There’s something in the way Jackie Robinson holds a baseball bat.
He treats it with nonchalance; it’s almost an accessory to carry while wearing a baseball uniform. But when Robinson stands at home plate, holding this same bat, he slugs the ball with a sharp crack! that happens so quickly you can hardly believe he actually hit the ball.
The Jackie Robinson Story (1950) examines the life and early career of the famed Number 42, the first African-American to play in the major leagues. The story was later retold in the 2013 film 42, starring Chadwick Boseman. While the 1950 film has a more modest budget than the 2013 version, it has one huge advantage: It stars Jackie Robinson as himself.
Now, Robinson is not what you’d call a classically-trained actor, but who cares! We get to see Jackie Robinson play baseball!
The Jackie Robinson Story is like being at a ball game, with all the sounds of a game: the whack of the ball against the bat; the roar of the crowd; the chatter in the dugout. This film was made by folks who love baseball, and they’ve not skimped on footage of Robinson hitting and stealing bases.
But the film isn’t just about the game of baseball. It’s about the concept of baseball – who the game is for and who should be allowed to play.
In 1947, Robinson is signed to the Brooklyn Dodgers to play for their farm team in Montreal. He is the first African-American ball player in the major leagues.
Sports reporters are waiting when Robinson steps out onto the Montreal field for the first time. They ask if he thinks there’s going to be trouble. “The only trouble I’m worried about is a ground ball to my right,” he quips.
The reporters are not asking about ground balls and Robinson knows it. He’s reminding them he has the right to play baseball.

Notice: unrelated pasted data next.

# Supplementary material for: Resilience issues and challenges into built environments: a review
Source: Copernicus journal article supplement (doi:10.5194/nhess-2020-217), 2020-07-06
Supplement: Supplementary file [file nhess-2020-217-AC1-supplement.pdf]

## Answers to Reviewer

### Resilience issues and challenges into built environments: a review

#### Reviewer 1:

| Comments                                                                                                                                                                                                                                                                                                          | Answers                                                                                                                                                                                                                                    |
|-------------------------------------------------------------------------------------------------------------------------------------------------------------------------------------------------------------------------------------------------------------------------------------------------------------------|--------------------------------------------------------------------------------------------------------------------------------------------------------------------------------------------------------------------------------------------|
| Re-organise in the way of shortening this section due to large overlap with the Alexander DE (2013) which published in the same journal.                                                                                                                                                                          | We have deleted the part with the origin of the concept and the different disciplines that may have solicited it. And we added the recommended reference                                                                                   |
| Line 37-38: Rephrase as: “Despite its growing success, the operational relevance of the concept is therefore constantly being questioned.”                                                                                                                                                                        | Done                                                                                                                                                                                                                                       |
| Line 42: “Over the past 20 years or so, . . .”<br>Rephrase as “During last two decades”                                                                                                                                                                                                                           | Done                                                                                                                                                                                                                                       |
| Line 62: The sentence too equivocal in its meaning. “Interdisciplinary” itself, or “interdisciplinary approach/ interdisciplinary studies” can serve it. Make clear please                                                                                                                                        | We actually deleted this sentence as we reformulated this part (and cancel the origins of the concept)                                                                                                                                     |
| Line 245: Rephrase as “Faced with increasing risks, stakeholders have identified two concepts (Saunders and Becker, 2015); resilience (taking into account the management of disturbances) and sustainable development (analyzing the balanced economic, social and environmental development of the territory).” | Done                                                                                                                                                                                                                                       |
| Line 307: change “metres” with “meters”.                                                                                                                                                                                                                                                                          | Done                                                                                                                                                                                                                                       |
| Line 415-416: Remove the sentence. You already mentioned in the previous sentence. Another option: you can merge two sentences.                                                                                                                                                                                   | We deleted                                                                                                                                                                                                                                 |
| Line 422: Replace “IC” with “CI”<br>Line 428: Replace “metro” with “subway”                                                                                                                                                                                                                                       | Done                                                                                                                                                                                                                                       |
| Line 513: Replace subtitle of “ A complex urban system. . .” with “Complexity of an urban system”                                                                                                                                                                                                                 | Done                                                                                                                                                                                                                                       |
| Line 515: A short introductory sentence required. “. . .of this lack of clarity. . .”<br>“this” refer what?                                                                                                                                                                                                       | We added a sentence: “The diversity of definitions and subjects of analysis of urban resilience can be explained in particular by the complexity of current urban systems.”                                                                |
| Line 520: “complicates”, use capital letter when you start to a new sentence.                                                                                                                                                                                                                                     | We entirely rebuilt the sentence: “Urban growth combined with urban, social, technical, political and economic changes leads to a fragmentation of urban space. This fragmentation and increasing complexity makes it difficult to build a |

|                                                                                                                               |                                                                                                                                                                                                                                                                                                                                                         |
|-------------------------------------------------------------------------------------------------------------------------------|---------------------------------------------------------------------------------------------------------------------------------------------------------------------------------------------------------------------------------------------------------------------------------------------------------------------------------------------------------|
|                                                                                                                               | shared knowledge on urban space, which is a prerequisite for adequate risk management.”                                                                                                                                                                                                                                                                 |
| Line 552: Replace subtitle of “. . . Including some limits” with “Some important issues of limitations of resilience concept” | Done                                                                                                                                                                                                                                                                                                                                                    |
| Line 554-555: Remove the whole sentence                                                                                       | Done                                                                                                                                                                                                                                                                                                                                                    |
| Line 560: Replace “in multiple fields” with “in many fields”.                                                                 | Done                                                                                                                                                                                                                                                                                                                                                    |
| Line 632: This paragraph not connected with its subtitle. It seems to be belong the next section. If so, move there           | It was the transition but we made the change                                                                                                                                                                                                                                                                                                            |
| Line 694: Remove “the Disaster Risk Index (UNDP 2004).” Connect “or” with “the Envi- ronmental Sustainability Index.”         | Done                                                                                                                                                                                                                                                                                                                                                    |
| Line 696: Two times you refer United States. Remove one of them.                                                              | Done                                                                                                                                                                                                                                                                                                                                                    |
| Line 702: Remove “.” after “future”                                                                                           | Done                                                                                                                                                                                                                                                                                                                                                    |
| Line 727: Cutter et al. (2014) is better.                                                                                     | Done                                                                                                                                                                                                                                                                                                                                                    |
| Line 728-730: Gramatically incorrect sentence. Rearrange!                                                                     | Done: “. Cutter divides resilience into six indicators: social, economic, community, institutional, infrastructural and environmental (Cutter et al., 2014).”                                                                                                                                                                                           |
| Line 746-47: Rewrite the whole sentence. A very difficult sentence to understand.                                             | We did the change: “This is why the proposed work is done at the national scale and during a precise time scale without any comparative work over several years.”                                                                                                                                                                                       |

In the scene where Robinson is initially signed by the Dodgers, the owner (Minor Watson) sits at his desk and lights a cigar as he carefully studies Robinson. For a moment, we are uncertain of Watson’s motives: does he sincerely want to hire Robinson, or is he going to humiliate him? But as Watson pointedly stares Robinson, we realize he’s analyzing the athlete, not the colour of his skin.
“We’re tackling something big here, Jackie,” Watson says. “If we fail, no one will try again for 20 years.” He tells Robinson that the going will be rough; fans will throw insults at him, and opposing players will run at him spikes first. Watson a ballplayer is needed who has guts enough not to fight back.
Robinson is that player, and he takes everything on the chin. He’s booed when he steps up to the plate. Fans shout obscenities at him and pitchers aim for his head instead of the strike zone. Yet, Robinson sells tickets. Love him or hate him, everyone wants to see him play.
The Jackie Robinson Story is a movie about breaking the colour barrier and a remarkable pioneer major league player. But it’s also a love letter to a game made better by Robinson.
The Jackie Robinson Story: starring Jackie Robinson, Ruby Dee, Minor Watson. Directed by Alfred E. Green. Written by Lawrence Taylor and Arthur Mann, Samson Raphaelson. Jewel Pictures Corp., 1950, B&W, 77 mins.
This post is part of the Big League Blogathon hosted by Forgotten Films. Be sure to read all the contributions celebrating the great game of Baseball.